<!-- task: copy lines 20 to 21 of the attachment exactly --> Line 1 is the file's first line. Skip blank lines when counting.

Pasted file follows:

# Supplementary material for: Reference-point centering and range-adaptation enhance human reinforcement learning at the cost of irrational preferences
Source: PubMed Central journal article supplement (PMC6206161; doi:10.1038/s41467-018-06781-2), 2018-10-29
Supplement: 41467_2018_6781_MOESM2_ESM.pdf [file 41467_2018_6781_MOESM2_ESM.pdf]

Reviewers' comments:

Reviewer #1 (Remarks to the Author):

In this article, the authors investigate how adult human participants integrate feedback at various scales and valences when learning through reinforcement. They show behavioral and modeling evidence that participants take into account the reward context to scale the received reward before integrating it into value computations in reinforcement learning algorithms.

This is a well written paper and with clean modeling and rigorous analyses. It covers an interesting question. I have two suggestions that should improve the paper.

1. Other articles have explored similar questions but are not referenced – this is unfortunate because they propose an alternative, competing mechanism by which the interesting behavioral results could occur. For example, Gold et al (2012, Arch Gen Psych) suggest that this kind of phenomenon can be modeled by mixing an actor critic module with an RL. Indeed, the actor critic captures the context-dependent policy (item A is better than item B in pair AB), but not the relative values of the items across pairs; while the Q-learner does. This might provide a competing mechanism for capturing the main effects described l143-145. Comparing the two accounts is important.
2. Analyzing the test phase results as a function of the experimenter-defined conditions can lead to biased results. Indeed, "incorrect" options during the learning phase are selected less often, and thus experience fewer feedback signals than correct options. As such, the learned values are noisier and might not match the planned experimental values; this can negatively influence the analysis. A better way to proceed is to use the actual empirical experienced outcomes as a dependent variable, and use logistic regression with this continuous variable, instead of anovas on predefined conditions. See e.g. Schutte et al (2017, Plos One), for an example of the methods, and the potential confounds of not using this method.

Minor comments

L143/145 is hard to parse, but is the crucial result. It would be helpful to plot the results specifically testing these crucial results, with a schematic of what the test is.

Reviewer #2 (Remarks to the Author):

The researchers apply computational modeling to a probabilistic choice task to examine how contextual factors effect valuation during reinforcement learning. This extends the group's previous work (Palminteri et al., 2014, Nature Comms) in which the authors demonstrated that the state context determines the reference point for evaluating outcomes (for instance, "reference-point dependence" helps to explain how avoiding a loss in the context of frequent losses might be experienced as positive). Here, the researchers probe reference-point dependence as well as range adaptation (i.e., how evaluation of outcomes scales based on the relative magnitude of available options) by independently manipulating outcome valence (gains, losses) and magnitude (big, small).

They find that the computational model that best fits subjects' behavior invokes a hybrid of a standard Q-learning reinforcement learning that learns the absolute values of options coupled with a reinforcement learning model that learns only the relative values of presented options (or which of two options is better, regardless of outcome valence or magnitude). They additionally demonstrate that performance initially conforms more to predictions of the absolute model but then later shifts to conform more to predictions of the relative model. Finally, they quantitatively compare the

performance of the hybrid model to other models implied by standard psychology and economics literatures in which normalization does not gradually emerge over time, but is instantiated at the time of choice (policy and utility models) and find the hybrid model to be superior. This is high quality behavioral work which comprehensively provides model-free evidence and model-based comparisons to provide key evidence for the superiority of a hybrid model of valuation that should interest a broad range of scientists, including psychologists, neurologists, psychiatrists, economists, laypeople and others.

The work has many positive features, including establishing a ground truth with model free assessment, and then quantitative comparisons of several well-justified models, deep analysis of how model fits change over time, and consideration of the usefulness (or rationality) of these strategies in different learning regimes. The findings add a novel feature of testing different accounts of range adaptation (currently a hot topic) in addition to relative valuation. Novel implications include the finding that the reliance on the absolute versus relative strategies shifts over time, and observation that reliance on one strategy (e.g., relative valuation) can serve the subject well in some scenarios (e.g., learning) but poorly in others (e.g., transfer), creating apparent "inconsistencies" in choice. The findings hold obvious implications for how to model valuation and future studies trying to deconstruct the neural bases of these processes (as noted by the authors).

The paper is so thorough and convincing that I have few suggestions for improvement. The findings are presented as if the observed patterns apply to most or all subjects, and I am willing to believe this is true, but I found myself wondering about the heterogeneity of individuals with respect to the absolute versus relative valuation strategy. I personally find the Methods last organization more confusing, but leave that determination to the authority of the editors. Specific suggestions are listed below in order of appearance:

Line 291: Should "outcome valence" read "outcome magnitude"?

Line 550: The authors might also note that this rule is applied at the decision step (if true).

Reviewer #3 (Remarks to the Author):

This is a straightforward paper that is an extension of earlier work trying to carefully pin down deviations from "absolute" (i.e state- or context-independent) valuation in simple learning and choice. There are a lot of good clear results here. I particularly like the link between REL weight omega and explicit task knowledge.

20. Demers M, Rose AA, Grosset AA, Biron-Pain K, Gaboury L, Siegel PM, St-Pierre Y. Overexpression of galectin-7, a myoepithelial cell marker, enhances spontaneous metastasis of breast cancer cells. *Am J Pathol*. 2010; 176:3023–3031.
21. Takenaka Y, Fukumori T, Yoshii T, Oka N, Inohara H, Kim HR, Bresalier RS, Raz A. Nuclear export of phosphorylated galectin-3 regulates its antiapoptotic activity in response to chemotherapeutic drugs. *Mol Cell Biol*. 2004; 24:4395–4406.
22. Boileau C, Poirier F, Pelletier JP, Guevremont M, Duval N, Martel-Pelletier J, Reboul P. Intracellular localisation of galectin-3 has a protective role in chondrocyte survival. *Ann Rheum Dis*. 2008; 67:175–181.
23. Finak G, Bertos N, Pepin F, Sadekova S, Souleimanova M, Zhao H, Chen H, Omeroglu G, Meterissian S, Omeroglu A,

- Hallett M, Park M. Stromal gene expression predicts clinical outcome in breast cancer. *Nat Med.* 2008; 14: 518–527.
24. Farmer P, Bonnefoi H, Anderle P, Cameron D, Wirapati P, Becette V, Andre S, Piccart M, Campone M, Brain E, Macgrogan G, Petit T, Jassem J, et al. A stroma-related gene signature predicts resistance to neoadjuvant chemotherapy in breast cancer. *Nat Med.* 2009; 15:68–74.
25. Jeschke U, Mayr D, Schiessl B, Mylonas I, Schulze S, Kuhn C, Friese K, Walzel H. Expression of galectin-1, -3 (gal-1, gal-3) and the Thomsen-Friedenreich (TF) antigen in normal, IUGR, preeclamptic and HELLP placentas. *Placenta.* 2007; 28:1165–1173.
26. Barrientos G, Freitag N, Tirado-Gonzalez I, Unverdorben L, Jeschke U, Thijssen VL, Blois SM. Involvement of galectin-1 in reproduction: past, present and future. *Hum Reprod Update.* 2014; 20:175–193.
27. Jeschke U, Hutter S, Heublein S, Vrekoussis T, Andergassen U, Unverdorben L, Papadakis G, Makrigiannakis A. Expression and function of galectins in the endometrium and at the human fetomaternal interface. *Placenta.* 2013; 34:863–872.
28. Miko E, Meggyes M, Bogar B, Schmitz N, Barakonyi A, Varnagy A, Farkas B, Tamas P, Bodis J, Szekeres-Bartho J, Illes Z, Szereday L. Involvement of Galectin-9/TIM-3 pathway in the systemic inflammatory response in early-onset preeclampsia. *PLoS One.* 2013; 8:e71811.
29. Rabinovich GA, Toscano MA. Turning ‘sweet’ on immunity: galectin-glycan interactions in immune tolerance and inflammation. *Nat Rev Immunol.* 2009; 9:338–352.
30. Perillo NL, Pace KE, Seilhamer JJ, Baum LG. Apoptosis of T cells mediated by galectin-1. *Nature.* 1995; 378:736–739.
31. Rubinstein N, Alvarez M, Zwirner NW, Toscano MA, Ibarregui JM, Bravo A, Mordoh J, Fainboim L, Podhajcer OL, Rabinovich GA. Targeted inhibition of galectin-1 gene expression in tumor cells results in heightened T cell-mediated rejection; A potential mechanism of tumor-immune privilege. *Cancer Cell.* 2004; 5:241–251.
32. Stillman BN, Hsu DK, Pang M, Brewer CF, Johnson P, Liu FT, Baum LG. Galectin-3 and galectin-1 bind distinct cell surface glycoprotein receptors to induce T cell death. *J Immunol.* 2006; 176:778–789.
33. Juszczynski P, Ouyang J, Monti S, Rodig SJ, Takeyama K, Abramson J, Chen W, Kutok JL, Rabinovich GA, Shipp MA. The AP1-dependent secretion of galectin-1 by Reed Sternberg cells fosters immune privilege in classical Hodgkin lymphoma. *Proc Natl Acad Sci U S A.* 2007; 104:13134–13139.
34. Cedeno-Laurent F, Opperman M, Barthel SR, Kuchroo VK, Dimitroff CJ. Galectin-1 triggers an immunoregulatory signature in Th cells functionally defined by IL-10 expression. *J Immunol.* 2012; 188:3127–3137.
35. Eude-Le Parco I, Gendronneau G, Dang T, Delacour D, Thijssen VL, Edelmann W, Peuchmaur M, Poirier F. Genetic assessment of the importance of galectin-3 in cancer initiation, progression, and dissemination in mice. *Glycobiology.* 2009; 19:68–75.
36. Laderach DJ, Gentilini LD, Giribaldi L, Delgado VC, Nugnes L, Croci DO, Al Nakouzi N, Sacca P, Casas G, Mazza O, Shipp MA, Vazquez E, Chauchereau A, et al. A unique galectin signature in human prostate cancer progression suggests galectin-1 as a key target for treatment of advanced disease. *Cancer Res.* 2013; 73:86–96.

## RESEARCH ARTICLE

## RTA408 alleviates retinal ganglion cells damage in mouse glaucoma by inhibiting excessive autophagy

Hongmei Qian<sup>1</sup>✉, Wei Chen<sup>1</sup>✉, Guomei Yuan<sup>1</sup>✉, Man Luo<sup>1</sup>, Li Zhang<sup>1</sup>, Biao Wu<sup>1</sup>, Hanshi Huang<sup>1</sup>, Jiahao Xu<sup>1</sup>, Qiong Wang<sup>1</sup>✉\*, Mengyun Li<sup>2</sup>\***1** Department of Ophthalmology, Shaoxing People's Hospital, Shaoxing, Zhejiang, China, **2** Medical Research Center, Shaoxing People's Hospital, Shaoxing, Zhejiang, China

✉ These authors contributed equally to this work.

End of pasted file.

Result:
Reviewer #3 (Remarks to the Author):

This is a straightforward paper that is an extension of earlier work trying to carefully pin down deviations from "absolute" (i.e state- or context-independent) valuation in simple learning and choice. There are a lot of good clear results here. I particularly like the link between REL weight omega and explicit task knowledge.